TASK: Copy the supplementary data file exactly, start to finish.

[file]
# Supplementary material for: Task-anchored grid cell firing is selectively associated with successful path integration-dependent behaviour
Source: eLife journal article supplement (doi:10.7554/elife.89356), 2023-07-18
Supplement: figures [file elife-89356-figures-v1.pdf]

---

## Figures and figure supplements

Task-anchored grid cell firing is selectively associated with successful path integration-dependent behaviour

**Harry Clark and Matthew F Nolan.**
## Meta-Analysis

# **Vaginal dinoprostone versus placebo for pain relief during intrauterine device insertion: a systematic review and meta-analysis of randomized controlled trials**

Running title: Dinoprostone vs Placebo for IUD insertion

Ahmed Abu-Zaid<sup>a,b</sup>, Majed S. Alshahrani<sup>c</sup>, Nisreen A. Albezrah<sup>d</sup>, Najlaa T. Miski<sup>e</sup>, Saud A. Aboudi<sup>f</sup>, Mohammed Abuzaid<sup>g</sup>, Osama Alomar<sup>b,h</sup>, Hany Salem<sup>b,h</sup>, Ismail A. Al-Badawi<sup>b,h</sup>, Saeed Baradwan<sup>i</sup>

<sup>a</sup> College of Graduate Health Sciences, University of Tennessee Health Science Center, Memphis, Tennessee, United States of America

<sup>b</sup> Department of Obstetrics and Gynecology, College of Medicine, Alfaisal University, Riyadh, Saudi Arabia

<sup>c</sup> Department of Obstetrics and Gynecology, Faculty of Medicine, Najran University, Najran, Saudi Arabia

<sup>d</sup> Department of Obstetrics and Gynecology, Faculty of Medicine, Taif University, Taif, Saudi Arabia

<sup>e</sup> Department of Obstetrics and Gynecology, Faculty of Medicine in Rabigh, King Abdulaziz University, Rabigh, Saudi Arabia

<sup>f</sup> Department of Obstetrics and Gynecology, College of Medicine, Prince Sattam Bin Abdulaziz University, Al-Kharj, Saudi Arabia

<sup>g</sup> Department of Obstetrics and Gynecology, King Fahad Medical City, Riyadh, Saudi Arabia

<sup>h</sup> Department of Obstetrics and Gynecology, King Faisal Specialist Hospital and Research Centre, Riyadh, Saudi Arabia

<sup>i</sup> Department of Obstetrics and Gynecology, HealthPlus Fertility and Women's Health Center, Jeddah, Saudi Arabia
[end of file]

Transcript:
# Supplementary material for: Task-anchored grid cell firing is selectively associated with successful path integration-dependent behaviour
Source: eLife journal article supplement (doi:10.7554/elife.89356), 2023-07-18
Supplement: figures [file elife-89356-figures-v1.pdf]

---

## Figures and figure supplements

Task-anchored grid cell firing is selectively associated with successful path integration-dependent behaviour

**Harry Clark and Matthew F Nolan.**
## Meta-Analysis

# **Vaginal dinoprostone versus placebo for pain relief during intrauterine device insertion: a systematic review and meta-analysis of randomized controlled trials**

Running title: Dinoprostone vs Placebo for IUD insertion

Ahmed Abu-Zaid<sup>a,b</sup>, Majed S. Alshahrani<sup>c</sup>, Nisreen A. Albezrah<sup>d</sup>, Najlaa T. Miski<sup>e</sup>, Saud A. Aboudi<sup>f</sup>, Mohammed Abuzaid<sup>g</sup>, Osama Alomar<sup>b,h</sup>, Hany Salem<sup>b,h</sup>, Ismail A. Al-Badawi<sup>b,h</sup>, Saeed Baradwan<sup>i</sup>

<sup>a</sup> College of Graduate Health Sciences, University of Tennessee Health Science Center, Memphis, Tennessee, United States of America

<sup>b</sup> Department of Obstetrics and Gynecology, College of Medicine, Alfaisal University, Riyadh, Saudi Arabia

<sup>c</sup> Department of Obstetrics and Gynecology, Faculty of Medicine, Najran University, Najran, Saudi Arabia

<sup>d</sup> Department of Obstetrics and Gynecology, Faculty of Medicine, Taif University, Taif, Saudi Arabia

<sup>e</sup> Department of Obstetrics and Gynecology, Faculty of Medicine in Rabigh, King Abdulaziz University, Rabigh, Saudi Arabia

<sup>f</sup> Department of Obstetrics and Gynecology, College of Medicine, Prince Sattam Bin Abdulaziz University, Al-Kharj, Saudi Arabia

<sup>g</sup> Department of Obstetrics and Gynecology, King Fahad Medical City, Riyadh, Saudi Arabia

<sup>h</sup> Department of Obstetrics and Gynecology, King Faisal Specialist Hospital and Research Centre, Riyadh, Saudi Arabia

<sup>i</sup> Department of Obstetrics and Gynecology, HealthPlus Fertility and Women's Health Center, Jeddah, Saudi Arabia